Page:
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Making dying matter

Sophie Lansdowne 09 May 2017

Sophie Lansdowne reflects on her experience working with teams in end-of-life care, marvelling at their deep compassion and dedication to the job.


It has been an absolute privilege working with all of the hugely dedicated teams on our Living Well to the Very End programme over the last year. What has been really powerful for me is how prominent all of the teams’ genuine desire to get it right for their patients and their families has been; when it comes to caring for those at end of life, and their families, there really are no second chances, and that’s what makes working in end of life care so special.

I was recently in the beautiful Lake District, a scenic setting I am fortunate to call my second home and to visit often to see my family. My mum is a mental health nurse and passionate about her care for those with dementia in the residential care home where she works. For the vast majority of her residents, her place of work is the last place they call home, and my mum and her colleagues become something of a second family to both the residents and their relatives.

A candle is lit in memory of each person

As I began to tell her about all of the fantastic work our teams had been doing for their patients and families, she started to tell me about the practices they have in place at the care home when caring for those coming towards the end of their life. Amongst many other practices, every year the care home holds a special memorial service for all of their residents who have died. All of the residents’ families, as well as all of the staff who have cared for them, are invited to the ceremony and the centre point is lighting candles in each person’s memory.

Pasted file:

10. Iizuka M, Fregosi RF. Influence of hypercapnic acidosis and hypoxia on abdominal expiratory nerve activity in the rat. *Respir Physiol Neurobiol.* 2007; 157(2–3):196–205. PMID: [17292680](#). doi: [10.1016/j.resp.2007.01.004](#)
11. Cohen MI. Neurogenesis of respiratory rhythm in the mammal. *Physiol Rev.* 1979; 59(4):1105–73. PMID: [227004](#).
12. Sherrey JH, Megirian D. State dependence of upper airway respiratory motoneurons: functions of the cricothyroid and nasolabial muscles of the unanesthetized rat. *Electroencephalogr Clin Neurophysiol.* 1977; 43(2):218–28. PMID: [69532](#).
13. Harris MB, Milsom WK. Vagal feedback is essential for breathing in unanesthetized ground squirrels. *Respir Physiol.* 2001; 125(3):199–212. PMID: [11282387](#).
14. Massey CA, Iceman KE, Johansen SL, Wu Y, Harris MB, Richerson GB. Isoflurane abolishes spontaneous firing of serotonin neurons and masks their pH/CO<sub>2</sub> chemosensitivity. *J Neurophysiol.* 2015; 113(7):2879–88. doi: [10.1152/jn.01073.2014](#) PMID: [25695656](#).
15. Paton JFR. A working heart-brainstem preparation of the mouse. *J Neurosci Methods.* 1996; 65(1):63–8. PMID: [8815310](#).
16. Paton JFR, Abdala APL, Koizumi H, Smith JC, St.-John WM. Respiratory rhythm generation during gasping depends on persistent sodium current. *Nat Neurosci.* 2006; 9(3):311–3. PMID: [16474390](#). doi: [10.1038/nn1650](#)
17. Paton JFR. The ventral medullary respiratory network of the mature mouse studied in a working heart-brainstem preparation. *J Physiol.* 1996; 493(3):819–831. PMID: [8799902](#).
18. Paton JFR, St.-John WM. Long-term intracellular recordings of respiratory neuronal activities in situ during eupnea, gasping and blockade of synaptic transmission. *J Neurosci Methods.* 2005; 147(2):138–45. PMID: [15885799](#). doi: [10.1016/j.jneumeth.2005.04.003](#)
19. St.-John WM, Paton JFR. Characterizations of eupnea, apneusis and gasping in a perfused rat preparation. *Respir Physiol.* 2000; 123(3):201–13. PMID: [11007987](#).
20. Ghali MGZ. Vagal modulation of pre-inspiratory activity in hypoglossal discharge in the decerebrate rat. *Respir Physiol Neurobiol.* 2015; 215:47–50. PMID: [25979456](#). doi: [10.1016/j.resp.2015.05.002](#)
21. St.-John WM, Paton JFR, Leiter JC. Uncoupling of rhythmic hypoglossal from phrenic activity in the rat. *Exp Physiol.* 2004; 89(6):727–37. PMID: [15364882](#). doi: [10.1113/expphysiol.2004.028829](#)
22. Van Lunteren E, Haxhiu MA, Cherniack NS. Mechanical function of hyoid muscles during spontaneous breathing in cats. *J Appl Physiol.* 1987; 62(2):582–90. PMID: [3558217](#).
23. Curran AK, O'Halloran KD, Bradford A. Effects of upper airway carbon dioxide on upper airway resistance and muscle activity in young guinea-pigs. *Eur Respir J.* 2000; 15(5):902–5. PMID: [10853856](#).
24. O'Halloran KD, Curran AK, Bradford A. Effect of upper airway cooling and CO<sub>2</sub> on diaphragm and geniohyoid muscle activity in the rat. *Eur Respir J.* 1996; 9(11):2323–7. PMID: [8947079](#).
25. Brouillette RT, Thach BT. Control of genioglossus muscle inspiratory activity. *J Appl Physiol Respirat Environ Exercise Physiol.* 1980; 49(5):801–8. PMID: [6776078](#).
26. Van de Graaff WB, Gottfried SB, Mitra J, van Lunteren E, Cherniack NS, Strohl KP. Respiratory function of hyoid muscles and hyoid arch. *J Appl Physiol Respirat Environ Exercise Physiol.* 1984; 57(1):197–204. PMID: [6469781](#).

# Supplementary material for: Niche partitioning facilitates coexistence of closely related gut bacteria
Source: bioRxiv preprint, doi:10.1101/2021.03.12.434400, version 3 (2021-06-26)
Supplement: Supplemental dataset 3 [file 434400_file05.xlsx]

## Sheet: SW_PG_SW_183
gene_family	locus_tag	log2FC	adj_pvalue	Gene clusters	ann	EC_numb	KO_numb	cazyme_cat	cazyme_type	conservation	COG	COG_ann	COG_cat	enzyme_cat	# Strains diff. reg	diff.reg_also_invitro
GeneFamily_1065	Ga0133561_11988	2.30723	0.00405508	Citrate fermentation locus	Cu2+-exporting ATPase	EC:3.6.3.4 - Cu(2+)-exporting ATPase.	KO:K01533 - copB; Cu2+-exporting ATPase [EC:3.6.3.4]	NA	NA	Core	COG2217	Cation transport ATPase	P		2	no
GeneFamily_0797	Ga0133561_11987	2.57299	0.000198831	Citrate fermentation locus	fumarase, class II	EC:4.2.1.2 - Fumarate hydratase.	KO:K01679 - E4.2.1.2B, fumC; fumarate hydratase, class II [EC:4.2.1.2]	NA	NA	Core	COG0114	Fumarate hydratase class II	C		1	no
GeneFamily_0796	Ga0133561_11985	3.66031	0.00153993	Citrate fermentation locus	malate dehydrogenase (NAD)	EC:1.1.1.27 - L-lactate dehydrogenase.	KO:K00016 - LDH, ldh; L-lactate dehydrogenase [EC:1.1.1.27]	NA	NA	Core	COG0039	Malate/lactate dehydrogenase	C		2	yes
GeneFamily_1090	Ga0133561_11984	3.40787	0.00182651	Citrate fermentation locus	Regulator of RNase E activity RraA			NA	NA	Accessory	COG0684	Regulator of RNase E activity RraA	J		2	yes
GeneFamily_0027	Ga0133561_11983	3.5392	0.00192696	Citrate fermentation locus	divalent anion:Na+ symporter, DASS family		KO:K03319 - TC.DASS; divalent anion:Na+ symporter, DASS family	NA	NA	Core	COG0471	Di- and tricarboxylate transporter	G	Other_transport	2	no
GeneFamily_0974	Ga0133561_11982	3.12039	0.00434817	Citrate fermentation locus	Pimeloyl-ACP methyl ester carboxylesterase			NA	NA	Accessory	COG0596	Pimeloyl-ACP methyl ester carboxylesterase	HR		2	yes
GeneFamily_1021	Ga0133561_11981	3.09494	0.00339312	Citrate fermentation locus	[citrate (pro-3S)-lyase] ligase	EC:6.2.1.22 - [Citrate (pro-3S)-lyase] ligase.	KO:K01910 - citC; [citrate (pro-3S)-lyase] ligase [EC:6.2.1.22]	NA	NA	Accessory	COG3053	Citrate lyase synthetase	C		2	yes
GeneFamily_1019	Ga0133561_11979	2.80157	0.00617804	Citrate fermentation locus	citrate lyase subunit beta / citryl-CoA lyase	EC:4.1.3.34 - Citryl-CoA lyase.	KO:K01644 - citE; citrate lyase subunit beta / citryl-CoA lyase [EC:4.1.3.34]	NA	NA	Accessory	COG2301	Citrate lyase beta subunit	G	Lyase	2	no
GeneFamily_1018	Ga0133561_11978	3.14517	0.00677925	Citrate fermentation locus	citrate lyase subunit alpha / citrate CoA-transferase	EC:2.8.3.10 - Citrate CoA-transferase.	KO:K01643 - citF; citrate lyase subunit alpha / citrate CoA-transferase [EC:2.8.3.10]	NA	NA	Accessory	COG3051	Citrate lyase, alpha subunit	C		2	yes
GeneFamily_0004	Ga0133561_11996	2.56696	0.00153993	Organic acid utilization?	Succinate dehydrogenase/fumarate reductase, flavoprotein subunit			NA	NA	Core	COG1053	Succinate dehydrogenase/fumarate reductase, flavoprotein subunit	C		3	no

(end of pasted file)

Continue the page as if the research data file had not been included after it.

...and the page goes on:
Like all of those we work with who care for those at end of life, my mum spoke of the importance of end of life care with such passion; it’s so vital that residents and their families receive care that is reflective of their wishes in any situation, but this seems even more paramount at end of life.

Service pressures force them to simply carry on

But what also really struck me was how important this is for the staff that care for them.  So often staff are not given the time to process the death of a patient or resident they have cared for, and service pressures force them to simply carry on. For many staff, often they have been caring for a patient or resident for some time, and just as the staff are important to the patient and their family, the patient is important to them.

Listening to my mum talk about some of the practices in care home settings to support staff as well as patients and their families, I am really excited to be working with several care homes as part of the next cohort of the Living Well to the Very End programme, and I look forward to all of the learning that can be brought into acute and community settings – and vice versa.

It is such a privilege to work alongside those who care for people at end of life; our teams’ and their colleagues’ passion for their work, and their genuine desire to get it right for their patients and families is something we must support throughout the whole system. Staff should always be supported to deliver the best care for their patients and their families because we really do have only one chance to get it right.